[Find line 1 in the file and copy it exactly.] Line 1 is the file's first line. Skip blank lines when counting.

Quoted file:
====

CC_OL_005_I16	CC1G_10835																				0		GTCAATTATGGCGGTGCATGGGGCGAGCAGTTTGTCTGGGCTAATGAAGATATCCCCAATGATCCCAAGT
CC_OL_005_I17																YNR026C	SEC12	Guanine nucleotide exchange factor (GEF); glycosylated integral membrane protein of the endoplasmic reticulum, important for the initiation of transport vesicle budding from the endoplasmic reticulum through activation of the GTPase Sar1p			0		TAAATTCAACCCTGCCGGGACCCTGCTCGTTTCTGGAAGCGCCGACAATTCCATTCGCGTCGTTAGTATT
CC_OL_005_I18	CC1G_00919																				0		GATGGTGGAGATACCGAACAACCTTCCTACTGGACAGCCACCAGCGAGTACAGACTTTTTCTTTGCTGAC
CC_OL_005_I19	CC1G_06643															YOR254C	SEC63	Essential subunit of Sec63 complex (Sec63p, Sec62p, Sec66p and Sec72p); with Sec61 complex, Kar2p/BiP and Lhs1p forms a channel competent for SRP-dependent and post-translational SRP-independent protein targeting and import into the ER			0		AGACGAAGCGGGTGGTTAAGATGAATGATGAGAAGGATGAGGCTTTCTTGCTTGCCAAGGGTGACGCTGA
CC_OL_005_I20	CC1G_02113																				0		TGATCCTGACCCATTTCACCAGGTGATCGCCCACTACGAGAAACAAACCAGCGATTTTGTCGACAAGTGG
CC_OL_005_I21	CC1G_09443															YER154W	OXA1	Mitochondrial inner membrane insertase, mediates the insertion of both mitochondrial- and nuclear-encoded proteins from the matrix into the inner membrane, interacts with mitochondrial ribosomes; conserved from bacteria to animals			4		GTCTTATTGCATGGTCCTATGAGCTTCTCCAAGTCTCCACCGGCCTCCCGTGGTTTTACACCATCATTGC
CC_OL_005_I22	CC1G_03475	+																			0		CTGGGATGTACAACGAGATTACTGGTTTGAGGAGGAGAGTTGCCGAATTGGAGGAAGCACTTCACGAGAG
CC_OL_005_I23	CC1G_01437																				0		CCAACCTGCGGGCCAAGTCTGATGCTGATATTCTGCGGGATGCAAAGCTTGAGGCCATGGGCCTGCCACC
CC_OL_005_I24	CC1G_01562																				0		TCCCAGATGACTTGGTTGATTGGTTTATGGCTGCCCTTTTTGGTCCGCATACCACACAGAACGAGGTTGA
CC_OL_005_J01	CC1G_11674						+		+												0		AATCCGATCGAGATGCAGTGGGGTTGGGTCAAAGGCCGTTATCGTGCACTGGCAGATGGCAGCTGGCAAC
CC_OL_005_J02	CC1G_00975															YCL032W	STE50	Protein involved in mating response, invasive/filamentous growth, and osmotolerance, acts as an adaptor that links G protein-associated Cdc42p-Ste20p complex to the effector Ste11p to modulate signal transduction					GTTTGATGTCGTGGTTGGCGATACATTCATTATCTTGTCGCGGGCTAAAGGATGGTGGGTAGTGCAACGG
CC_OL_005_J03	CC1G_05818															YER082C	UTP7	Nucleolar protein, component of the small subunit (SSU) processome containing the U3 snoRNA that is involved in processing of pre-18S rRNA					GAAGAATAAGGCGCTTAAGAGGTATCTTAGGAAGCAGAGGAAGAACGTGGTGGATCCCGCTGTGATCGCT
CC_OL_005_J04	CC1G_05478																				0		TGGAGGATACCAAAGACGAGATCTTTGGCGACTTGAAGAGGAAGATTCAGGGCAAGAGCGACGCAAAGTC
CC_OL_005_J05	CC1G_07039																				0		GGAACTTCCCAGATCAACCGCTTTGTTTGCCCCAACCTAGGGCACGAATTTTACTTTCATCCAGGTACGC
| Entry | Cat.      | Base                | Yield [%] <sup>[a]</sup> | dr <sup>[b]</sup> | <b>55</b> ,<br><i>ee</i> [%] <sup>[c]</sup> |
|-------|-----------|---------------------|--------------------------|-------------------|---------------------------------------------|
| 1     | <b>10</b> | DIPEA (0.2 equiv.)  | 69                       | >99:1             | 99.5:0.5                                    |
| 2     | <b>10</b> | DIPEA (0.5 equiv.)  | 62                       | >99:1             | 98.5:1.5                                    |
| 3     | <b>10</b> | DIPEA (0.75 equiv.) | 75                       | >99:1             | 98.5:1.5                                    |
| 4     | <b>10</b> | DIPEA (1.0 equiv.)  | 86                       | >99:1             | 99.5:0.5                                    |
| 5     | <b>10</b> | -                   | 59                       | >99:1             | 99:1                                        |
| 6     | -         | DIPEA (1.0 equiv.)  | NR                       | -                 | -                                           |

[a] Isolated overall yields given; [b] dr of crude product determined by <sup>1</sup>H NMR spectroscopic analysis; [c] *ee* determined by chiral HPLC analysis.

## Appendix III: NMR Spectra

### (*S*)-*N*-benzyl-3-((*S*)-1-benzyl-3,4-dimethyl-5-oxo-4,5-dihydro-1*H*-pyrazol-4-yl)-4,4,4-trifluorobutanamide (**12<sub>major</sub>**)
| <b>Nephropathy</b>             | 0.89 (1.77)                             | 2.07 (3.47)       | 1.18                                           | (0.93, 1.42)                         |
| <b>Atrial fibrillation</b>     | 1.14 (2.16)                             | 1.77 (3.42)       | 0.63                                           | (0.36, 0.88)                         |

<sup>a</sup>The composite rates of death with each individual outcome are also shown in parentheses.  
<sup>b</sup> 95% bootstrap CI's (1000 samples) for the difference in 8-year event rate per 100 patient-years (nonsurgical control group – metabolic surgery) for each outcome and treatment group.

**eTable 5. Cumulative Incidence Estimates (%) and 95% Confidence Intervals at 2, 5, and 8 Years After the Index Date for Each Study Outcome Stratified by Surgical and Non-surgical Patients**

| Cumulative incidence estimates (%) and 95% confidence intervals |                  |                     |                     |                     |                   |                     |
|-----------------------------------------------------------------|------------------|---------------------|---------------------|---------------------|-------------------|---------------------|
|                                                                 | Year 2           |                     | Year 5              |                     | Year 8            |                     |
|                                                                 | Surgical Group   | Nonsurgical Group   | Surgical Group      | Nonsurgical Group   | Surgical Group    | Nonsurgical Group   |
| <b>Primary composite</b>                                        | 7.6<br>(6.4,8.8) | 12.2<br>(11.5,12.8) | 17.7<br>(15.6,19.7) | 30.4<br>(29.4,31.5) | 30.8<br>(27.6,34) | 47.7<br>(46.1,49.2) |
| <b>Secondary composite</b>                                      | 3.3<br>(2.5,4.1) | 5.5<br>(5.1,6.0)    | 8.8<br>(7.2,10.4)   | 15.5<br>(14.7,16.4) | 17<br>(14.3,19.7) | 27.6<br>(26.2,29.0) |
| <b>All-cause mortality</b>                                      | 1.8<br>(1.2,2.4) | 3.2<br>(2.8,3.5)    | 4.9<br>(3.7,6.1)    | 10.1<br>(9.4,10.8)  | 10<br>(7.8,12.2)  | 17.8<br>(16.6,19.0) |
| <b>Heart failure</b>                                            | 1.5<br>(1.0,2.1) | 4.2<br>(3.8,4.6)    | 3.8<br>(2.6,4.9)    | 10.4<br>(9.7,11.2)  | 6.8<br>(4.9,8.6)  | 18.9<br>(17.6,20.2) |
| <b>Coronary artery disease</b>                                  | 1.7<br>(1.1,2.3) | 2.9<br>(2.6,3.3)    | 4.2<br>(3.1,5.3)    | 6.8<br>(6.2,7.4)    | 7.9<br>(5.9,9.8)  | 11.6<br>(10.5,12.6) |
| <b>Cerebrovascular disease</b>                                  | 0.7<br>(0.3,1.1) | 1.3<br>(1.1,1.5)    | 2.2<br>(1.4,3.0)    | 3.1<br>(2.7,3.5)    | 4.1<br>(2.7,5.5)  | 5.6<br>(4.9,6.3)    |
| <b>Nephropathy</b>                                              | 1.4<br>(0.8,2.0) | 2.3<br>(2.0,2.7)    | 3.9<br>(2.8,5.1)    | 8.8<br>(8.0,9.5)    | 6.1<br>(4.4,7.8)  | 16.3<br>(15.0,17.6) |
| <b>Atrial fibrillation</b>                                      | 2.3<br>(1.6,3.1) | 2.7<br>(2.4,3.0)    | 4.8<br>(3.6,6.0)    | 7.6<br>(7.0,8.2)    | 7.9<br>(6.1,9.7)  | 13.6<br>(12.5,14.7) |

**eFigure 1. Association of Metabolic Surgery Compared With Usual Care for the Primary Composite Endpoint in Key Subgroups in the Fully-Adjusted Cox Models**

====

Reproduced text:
CC_OL_005_I16	CC1G_10835																				0		GTCAATTATGGCGGTGCATGGGGCGAGCAGTTTGTCTGGGCTAATGAAGATATCCCCAATGATCCCAAGT